The earliest remains of housing in Ireland were found at Mount Sandel in Co. Derry, which is located on a height about 30 metres overlooking the river Bann, a few miles from the sea. The site was excavated between 1973 and 1977 by Peter Woodman. He got radio-carbon dates of c.7010 bc to c. 6490 bc. In levels of excavation dating 500 years he found the remains of a number of round houses roughly 6 metres in diameter, which are the oldest Mesolithic houses to be found in Ireland and they predate anything found in Britain.
The remains that could be seen were in the form of post-holes – rounded stains left over from wood that had decayed. The post holes were about 20 cm deep were at an angle going inwards. This suggests that the houses were in a dome shape, made of saplings bent inwards and joining towards the centre, there was no central support pole. A hearth of roughly a metre in diameter would have been located in the centre of the house. The outer posts of wood would probably have had lighter saplings weaved around them forming a shelter, possibly covered over with more mud and sticks (wattle and daub) or sods of earth.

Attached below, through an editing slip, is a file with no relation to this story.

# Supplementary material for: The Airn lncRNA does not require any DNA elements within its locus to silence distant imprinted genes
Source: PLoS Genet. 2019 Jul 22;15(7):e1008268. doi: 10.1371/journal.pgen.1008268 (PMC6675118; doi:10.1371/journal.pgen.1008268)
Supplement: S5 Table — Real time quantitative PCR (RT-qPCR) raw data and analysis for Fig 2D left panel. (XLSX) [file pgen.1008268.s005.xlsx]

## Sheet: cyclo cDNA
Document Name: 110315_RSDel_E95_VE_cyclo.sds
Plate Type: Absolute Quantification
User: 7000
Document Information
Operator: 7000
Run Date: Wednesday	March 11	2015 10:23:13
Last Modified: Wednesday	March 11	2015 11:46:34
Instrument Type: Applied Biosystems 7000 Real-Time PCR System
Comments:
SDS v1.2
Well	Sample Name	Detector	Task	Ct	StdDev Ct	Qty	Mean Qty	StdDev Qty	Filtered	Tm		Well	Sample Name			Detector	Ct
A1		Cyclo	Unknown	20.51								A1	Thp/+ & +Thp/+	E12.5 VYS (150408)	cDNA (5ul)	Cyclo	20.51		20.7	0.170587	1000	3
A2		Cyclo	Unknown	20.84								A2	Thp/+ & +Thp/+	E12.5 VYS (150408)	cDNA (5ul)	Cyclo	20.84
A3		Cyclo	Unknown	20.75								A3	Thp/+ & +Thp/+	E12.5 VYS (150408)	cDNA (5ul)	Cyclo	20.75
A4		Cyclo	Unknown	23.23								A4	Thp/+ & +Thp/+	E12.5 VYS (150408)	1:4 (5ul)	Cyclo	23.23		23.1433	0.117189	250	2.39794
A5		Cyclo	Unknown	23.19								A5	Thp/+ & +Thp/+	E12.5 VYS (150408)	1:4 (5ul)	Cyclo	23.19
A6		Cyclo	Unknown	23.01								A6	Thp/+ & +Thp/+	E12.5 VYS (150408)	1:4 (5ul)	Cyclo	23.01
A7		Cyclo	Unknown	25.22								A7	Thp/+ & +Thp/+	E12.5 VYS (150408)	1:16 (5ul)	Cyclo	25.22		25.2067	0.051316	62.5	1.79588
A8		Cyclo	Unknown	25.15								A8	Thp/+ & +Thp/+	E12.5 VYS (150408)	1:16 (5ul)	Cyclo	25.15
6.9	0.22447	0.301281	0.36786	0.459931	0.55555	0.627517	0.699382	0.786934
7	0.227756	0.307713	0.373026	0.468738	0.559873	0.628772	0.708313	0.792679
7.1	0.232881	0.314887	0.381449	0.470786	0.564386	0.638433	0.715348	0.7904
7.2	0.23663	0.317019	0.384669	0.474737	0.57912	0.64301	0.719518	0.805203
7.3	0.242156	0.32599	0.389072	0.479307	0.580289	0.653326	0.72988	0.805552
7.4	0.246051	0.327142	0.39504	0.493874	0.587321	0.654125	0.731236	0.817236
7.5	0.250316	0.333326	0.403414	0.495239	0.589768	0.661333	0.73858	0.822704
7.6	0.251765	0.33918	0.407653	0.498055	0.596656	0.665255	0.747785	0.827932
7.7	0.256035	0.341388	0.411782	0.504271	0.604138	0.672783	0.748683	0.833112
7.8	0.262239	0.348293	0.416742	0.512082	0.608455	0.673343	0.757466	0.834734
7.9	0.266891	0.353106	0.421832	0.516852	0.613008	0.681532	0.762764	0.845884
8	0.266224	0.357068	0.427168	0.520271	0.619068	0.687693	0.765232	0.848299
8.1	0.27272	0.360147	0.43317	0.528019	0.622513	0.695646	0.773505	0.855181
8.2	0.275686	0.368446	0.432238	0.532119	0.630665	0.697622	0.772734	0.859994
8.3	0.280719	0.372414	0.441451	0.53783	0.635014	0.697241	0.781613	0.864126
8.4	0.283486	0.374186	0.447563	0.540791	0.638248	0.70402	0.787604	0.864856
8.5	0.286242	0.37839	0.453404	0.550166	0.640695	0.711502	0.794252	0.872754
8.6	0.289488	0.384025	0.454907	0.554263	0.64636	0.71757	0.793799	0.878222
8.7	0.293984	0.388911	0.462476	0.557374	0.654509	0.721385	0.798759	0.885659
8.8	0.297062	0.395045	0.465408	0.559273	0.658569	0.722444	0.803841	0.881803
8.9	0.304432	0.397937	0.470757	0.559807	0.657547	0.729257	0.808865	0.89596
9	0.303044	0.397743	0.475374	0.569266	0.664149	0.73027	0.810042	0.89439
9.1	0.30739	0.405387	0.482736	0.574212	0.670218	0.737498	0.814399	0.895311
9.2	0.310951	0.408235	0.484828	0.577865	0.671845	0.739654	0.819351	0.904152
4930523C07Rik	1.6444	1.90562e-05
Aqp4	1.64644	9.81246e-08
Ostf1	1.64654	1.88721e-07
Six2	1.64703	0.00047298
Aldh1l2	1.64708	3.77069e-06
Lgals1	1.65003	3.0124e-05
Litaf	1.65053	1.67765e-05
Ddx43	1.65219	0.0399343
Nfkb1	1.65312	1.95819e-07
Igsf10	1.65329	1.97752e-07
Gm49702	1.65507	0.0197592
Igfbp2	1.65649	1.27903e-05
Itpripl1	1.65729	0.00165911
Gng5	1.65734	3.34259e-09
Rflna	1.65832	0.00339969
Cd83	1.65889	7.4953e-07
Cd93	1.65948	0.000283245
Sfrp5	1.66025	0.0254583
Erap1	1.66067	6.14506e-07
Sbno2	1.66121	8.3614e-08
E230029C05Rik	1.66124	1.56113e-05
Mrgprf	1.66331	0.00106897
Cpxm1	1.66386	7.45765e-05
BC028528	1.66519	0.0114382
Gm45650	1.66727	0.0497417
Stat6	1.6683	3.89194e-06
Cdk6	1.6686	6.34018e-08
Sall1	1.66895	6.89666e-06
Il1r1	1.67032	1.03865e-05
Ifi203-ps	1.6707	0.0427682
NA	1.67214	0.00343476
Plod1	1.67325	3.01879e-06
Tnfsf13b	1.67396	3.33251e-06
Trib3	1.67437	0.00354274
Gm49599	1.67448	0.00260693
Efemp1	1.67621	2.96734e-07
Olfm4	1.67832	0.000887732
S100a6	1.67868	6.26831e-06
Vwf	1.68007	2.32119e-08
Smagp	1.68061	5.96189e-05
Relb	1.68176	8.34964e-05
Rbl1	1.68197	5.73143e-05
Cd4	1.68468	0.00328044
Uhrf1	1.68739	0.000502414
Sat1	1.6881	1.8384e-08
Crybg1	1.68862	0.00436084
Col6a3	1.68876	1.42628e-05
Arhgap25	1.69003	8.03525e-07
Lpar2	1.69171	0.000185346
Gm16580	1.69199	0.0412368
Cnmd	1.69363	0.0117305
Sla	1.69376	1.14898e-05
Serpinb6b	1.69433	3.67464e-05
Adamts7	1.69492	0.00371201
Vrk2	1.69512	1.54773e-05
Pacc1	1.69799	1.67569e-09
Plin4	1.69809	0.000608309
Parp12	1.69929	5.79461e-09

The location of Mount Sandel would have been ideal for Mesolithic Man, as they were close to the sea, and fresh-water streams for fishing and could find game in the woods nearby. This may be why there are traces of such long habitation in this area. Also there was a source of flint along the Antrim Coast which provided the settlers with raw material for their tools and weapons. In general Mesolithic Man was a hunter-gatherer and would probably have been nomadic living in temporary shelters, which is why there is not much evidence of housing from this time period.
source: Museum of Learning